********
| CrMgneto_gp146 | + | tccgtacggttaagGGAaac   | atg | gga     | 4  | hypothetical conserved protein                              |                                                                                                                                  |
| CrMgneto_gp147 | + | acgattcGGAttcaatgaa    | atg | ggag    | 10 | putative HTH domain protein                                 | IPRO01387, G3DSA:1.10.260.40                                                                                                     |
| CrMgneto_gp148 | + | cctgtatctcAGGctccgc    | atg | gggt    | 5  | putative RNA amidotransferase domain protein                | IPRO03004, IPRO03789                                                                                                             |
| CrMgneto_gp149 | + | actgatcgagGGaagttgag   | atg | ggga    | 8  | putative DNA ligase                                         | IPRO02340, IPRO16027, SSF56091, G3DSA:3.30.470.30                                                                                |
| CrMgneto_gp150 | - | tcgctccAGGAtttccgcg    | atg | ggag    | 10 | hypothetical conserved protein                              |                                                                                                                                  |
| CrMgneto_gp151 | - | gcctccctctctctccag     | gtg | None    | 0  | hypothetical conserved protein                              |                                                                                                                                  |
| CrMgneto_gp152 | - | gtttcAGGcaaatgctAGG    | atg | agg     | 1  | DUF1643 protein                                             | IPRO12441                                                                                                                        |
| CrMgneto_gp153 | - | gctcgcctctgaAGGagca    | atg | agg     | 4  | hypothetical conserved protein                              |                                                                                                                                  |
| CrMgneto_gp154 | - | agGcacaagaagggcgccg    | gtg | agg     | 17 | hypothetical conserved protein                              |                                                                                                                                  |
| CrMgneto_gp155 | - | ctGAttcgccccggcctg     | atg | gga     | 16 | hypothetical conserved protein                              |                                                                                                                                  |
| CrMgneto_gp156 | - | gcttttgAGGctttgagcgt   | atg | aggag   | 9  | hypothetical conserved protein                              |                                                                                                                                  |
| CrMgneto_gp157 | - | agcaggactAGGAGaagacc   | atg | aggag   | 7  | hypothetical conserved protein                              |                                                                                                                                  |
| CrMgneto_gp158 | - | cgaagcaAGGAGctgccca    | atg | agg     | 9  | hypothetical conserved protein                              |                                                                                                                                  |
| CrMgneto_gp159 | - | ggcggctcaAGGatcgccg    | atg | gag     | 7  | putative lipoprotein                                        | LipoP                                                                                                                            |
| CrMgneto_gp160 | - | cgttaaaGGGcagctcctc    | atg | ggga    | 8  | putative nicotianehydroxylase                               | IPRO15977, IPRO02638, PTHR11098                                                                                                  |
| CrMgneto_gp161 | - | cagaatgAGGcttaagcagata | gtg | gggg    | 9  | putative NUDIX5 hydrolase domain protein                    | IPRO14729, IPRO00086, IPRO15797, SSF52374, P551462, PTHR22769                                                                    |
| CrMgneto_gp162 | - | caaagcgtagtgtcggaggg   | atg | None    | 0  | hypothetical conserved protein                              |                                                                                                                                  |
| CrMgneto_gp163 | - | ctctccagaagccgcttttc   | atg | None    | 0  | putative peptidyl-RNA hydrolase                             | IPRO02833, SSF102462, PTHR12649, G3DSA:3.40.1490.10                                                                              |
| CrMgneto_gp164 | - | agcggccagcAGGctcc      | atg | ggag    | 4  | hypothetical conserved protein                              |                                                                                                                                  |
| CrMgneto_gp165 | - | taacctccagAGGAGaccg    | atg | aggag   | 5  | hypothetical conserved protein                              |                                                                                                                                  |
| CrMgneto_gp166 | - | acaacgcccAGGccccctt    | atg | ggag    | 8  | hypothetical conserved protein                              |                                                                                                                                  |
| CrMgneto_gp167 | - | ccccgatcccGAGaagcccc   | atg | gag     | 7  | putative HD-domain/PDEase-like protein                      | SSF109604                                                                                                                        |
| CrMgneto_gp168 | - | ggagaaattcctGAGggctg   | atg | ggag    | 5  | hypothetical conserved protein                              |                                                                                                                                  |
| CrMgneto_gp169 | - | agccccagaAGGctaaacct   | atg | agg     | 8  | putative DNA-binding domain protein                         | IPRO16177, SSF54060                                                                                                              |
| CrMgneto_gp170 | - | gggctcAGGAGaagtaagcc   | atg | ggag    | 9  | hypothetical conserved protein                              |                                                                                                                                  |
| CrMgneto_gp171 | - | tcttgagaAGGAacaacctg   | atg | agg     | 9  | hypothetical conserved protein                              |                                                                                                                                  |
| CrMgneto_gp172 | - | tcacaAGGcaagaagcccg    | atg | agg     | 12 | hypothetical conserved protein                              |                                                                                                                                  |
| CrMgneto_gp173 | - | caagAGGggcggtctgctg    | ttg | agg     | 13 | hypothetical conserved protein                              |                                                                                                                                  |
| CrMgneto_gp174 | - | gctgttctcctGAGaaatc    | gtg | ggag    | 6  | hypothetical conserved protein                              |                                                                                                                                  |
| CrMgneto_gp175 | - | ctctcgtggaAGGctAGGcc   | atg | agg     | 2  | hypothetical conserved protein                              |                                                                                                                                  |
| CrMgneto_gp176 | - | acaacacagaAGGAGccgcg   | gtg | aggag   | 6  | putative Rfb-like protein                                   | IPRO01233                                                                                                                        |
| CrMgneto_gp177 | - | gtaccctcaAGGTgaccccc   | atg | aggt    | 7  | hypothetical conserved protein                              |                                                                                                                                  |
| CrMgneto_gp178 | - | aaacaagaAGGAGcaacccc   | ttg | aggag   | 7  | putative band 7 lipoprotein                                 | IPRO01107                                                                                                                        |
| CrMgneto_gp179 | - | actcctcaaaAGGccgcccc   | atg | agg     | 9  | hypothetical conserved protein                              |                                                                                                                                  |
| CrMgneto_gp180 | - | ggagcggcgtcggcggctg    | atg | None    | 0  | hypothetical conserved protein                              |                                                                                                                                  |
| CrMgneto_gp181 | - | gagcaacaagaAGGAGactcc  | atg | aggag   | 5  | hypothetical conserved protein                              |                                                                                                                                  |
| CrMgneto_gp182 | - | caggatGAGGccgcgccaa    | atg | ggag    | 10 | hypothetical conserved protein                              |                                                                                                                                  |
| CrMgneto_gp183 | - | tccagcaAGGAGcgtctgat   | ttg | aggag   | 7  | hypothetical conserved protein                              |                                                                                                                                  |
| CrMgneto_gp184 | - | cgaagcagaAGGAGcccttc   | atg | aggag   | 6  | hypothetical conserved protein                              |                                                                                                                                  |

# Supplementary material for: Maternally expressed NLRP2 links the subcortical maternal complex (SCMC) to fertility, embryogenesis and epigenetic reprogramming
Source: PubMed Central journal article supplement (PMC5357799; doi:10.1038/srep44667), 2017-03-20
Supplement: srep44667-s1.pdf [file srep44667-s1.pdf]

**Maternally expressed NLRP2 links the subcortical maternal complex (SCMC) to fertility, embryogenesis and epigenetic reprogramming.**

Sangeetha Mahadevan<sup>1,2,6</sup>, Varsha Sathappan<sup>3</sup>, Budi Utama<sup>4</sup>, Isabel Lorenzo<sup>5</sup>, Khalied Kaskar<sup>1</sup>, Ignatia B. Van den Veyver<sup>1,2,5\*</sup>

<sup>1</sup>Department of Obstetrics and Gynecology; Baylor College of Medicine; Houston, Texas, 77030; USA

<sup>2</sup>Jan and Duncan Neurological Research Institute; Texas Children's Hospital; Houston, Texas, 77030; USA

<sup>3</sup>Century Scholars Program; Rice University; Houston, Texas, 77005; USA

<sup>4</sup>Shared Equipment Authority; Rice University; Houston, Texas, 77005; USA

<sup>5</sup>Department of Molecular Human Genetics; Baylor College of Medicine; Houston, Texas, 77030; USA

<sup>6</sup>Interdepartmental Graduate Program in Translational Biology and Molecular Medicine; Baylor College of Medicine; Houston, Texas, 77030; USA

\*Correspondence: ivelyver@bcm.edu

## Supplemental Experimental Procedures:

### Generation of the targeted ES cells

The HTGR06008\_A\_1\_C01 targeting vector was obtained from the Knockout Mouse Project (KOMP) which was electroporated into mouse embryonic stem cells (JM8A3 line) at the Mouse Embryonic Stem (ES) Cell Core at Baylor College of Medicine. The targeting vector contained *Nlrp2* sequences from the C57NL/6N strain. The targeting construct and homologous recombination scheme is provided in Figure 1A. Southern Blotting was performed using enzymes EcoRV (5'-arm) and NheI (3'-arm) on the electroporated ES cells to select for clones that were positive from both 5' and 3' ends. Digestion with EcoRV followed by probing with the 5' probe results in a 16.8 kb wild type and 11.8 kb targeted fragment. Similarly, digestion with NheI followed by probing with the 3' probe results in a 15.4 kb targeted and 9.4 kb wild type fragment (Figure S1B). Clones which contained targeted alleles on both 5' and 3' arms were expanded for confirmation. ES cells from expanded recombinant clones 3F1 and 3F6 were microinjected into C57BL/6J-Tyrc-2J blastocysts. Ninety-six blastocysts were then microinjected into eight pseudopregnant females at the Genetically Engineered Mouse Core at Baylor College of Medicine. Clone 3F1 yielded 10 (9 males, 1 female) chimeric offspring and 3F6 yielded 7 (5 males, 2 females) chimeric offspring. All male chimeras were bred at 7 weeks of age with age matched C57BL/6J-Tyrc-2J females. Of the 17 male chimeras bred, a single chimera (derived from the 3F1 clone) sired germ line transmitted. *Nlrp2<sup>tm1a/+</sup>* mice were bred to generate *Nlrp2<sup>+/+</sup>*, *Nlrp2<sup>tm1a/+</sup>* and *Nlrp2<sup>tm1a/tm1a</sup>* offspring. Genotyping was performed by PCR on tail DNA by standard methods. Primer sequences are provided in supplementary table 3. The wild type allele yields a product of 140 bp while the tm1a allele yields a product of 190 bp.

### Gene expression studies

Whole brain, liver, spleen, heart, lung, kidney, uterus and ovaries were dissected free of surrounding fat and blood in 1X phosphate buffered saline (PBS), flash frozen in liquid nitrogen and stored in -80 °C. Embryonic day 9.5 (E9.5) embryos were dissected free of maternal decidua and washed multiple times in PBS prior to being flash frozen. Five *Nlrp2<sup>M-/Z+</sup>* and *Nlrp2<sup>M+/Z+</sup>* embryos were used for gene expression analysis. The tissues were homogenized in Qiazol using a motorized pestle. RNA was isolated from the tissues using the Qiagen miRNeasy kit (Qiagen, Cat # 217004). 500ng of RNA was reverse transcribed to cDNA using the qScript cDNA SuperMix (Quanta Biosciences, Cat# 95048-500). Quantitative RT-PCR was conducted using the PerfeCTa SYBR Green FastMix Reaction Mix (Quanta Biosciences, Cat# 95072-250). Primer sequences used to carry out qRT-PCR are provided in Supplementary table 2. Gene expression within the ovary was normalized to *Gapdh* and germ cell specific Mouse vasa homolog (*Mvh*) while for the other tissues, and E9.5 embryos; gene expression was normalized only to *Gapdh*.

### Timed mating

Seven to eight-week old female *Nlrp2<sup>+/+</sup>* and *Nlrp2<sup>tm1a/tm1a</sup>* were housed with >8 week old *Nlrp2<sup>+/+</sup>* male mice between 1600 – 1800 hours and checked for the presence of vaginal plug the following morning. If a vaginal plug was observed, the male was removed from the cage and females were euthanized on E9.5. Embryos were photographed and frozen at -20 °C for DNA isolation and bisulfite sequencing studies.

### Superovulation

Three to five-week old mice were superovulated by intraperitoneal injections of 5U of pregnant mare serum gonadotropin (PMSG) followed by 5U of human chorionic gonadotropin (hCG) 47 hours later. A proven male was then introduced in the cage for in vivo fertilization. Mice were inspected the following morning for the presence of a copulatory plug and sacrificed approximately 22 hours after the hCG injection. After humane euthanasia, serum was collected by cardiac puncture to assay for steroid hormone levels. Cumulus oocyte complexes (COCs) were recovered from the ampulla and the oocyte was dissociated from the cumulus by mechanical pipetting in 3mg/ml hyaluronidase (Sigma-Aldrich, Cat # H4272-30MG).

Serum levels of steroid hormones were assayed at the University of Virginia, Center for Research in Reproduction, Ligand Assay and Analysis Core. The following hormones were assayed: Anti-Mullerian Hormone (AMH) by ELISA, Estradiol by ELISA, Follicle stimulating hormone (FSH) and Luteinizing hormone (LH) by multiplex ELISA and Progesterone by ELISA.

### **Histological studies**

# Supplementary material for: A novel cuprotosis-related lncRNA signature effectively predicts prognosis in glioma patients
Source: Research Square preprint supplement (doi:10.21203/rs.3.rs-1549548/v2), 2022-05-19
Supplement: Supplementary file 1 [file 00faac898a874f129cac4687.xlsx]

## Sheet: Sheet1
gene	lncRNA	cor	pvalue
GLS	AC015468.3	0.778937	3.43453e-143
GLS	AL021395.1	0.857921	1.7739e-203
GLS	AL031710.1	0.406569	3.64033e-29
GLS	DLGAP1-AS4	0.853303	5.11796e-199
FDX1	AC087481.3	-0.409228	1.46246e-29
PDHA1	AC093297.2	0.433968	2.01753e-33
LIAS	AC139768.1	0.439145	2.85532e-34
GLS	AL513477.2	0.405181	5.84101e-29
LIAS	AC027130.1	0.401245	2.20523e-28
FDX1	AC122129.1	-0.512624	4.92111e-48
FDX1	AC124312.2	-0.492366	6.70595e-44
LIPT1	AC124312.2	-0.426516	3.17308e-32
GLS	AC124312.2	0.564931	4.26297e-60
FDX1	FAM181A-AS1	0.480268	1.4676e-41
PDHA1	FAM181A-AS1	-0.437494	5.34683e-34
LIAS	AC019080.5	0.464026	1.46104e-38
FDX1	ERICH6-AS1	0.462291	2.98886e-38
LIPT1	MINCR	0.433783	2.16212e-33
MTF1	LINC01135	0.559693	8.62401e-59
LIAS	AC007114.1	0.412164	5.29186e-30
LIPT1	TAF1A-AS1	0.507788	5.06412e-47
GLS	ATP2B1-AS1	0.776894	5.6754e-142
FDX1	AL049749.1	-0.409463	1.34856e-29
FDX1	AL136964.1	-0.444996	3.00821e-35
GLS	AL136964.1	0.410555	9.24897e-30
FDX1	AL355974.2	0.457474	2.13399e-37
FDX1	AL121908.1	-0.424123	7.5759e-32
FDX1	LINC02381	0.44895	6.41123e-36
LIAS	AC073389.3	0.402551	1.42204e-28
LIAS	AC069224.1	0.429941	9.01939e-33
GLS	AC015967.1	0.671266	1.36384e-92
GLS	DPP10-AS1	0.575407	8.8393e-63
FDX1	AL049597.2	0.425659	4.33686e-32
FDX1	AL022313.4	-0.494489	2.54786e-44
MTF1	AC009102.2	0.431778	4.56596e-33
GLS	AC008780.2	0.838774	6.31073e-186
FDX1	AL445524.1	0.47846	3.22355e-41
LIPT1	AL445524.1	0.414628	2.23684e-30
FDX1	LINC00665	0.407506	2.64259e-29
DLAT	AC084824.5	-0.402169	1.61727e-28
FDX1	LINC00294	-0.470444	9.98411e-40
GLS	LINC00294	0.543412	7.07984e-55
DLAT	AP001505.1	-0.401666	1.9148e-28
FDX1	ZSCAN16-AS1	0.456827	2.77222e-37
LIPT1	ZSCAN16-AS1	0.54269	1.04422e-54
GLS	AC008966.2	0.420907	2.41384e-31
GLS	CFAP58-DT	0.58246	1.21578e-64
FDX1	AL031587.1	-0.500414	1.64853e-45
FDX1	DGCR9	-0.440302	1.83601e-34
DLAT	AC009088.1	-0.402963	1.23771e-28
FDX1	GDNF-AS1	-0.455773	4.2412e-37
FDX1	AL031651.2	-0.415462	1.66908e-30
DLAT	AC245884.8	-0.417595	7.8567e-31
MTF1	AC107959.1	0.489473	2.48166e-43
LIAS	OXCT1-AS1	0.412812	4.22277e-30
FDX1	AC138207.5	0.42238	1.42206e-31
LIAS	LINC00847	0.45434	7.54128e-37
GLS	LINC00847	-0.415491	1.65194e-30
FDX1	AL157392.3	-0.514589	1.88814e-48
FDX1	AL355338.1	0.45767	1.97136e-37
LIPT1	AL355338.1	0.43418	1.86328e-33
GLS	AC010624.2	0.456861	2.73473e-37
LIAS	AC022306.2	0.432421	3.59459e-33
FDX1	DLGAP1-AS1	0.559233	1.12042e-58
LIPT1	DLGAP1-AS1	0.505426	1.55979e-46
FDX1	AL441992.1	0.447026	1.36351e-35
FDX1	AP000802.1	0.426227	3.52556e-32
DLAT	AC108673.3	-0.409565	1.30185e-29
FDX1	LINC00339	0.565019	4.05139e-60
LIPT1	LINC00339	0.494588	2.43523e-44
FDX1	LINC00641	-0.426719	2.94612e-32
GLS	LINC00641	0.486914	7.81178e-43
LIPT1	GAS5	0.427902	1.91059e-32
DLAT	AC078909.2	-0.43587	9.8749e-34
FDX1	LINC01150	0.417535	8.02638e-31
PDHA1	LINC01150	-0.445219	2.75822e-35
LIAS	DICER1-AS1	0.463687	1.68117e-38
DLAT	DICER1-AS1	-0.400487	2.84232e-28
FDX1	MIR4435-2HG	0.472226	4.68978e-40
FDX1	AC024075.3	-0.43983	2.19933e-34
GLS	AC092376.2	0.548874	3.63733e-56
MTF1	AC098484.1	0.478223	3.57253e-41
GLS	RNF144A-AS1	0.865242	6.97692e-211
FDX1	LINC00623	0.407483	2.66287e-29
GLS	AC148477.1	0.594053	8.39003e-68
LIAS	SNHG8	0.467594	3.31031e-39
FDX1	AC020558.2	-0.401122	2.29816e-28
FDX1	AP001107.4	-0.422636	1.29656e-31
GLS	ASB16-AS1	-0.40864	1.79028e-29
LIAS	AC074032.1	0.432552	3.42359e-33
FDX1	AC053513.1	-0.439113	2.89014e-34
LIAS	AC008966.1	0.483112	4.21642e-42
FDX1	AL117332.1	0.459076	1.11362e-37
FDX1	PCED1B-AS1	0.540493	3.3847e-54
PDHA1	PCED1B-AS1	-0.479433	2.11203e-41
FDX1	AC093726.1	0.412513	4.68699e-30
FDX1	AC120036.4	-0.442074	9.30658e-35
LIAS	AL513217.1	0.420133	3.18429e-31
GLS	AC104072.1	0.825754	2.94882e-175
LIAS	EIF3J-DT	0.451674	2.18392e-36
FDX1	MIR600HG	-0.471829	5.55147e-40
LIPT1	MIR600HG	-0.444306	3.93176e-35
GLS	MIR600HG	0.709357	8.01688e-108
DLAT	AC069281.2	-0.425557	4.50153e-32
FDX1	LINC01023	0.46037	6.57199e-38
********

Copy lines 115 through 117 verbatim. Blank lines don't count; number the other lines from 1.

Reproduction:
FDX1	AL031587.1	-0.500414	1.64853e-45
FDX1	DGCR9	-0.440302	1.83601e-34
DLAT	AC009088.1	-0.402963	1.23771e-28